Metal forging is just cool. You get to light an intensely hot fire, melt metal until it’s dripping and moldable, and then transform it into a completely different shape with an altogether distinctive function. And did I mention fire?
That’s what Mike Garrett of Black Hammer Forge, Inc. does, and he enjoys every minute of it. Self-taught before the age of how-to video clips, Mike makes a living changing metal into something beautiful, functional, or both, creating a new story from the raw material.
He stumbled onto this passion accidentally. Needing a job, he started working for a metal fabricator in West Allis, WI, and from there grabbed a forge and some smithing tools. He taught himself how to light a fire and began changing metal into different forms and absolutely fell in love with it.
“Most of the old-timers were gone, the people who forged for a living. There was nothing on the internet yet, so I learned by trial and error. Took a class here and there, learned through doing.”
After it began as a hobby, 18 years ago Mike started a full-time venture in Helenville, WI, with his wife, who handles the business side of things. They don’t have a website, their Facebook page is bare. His social media presence includes a vintage-looking business card that he printed himself on his home computer that includes the name of his business, an address, and a phone number. How does he get work?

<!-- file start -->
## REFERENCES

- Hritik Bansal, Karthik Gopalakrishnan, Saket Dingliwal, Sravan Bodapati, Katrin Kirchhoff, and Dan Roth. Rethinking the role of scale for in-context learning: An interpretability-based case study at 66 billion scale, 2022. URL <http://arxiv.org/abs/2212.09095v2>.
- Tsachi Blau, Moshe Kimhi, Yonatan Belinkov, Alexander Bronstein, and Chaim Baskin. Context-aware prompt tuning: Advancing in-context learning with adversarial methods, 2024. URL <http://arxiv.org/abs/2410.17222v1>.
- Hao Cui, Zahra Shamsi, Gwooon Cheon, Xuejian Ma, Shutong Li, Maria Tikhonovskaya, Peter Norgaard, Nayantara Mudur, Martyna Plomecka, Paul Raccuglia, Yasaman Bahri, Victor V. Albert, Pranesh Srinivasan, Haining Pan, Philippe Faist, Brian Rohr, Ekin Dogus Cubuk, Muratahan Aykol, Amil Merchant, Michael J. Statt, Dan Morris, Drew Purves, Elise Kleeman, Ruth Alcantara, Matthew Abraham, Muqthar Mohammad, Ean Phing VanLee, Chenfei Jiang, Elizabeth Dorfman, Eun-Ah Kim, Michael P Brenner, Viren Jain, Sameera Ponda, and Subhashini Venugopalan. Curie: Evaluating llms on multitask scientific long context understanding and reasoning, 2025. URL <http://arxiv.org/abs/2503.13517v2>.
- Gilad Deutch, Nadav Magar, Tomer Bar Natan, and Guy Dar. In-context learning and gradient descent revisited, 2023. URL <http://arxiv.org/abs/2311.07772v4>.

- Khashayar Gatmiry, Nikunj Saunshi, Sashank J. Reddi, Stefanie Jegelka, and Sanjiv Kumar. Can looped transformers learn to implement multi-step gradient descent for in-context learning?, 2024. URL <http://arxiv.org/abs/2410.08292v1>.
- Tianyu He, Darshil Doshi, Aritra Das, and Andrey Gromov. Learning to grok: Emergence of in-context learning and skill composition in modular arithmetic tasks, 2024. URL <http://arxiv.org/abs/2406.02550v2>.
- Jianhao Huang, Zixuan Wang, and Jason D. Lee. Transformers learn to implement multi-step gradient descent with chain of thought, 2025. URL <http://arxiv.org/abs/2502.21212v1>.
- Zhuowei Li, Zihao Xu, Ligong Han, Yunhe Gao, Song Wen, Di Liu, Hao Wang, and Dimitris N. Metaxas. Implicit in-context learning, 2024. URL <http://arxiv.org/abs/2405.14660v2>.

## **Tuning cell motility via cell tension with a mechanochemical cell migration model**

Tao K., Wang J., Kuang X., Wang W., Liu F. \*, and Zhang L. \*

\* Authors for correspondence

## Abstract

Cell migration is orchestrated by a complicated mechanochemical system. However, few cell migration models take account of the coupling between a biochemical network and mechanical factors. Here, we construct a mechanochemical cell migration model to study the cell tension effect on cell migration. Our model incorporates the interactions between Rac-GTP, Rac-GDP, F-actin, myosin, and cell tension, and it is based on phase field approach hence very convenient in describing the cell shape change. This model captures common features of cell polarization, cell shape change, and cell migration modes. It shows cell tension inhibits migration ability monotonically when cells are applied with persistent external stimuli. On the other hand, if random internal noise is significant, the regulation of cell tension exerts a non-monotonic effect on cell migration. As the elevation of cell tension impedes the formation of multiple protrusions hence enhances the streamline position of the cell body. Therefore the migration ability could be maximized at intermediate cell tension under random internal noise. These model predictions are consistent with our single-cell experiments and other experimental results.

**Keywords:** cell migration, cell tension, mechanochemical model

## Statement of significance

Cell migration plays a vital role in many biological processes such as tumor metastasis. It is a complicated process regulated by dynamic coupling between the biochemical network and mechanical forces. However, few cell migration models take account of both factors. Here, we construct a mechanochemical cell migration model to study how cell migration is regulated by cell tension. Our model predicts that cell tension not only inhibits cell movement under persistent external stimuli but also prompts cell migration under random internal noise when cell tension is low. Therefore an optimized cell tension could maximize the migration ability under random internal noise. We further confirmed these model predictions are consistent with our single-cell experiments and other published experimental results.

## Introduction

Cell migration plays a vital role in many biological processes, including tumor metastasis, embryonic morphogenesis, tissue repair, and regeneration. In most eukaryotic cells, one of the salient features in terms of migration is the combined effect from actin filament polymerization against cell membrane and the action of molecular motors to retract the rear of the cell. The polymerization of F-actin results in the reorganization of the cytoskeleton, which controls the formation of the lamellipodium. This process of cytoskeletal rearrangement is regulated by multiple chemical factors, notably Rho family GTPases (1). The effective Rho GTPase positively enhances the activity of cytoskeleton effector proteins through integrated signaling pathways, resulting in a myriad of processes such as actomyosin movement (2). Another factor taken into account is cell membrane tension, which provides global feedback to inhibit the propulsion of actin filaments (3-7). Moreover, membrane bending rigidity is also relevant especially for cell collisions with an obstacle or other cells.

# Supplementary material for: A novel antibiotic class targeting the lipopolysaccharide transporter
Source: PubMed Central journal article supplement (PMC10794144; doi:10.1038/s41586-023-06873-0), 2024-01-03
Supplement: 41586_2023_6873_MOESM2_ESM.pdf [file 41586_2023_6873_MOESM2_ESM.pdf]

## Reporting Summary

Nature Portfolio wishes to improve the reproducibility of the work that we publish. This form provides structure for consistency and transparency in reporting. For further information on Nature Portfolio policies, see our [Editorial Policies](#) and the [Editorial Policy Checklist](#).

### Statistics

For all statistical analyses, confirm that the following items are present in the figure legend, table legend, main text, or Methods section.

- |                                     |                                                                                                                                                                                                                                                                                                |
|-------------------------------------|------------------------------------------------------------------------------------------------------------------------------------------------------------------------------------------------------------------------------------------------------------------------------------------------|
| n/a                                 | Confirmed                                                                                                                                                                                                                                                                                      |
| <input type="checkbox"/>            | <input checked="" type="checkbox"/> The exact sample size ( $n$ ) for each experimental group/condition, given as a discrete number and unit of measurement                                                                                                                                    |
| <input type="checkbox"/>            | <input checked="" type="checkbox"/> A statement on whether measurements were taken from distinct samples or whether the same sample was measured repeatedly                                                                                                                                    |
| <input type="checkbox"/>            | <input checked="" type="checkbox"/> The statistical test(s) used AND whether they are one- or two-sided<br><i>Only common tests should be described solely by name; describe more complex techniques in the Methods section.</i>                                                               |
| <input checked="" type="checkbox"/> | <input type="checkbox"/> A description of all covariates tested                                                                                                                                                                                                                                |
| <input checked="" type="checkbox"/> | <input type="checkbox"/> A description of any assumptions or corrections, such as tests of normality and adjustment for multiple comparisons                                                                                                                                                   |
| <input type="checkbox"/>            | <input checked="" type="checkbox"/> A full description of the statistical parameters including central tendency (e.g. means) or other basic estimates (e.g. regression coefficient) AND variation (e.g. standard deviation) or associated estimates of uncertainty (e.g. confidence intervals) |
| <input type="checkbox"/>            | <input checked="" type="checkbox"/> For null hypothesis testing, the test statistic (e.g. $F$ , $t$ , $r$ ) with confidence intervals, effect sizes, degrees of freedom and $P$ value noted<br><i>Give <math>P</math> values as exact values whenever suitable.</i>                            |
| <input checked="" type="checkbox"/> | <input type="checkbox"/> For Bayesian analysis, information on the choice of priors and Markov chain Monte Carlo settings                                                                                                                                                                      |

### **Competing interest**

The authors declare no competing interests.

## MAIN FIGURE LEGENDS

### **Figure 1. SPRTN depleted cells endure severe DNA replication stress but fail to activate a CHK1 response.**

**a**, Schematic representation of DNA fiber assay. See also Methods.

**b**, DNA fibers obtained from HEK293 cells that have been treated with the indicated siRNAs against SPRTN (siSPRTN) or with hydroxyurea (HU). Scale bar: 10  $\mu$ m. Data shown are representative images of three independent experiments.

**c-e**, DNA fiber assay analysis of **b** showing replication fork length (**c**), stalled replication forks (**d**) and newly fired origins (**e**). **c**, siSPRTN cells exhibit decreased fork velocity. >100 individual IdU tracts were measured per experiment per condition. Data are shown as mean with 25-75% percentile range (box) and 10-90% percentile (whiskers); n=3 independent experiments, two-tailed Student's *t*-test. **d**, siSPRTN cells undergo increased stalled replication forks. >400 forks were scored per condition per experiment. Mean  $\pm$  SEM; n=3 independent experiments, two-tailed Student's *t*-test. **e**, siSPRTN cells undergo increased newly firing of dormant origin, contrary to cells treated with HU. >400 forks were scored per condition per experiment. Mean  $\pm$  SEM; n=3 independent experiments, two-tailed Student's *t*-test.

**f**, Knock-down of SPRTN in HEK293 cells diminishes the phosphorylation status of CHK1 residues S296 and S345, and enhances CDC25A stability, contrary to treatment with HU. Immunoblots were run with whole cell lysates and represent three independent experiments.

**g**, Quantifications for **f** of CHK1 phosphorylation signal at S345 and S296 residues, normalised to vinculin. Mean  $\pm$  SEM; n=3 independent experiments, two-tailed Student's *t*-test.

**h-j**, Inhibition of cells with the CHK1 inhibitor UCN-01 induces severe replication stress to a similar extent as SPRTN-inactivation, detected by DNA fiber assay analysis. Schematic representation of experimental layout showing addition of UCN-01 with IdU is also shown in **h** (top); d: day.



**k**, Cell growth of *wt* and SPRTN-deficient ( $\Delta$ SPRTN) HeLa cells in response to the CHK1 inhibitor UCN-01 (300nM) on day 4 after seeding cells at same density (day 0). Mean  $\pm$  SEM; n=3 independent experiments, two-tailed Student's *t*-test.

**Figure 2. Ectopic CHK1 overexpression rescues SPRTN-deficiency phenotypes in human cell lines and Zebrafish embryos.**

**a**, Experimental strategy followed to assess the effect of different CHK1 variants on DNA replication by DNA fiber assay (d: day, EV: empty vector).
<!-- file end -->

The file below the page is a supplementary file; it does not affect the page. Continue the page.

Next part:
Mike gravitates towards smaller to medium pieces like intricate railings or fireplace tools, all hand-forged. The correct noun for a person forging metal is “smith”. Iron is a metal that turns black when heated, thus the term “blackmith” came to be used. But smiths, (or smithys) also work with steel and tin. Mike is a real- life smithy, and looks the part (think Sam Elliot, mustache and all). While forging, he mostly listens to older country and western like The Charlie Daniels Band or maybe some John Prine- music that lends itself to strong fire and melting metals.
Like any artisan worth their weight, Mike knows a lot about what he’s doing. He’s a wealth of knowledge about different forging techniques and tools, the variety of metals and what they’re best for, the history of metal arts and style trends.
“In the past, anything steel was highly prized, wrought iron was considered more primitive, crude. Now it’s in high demand, it’s what everybody wants. They’ve refined the process for making mild steel, a workable metal, with a lower carbon content, for bridges, cars, beams.”
He buys his metal from old lumberyards or from local metal suppliers, and has a contagious low-grade enthusiasm about finding the perfect piece of metal for a project.
“The selection of sizes is infinite, that you can find something at the iron store that’s close enough and hand-forge it down to size. You can change it so it’s unrecognizable, but the same essentially.”
Mike will be live at Heritage October 24 forging small pieces. Demonstrations begin at 4:30, along with a happy hour and a blues band. Open to the public.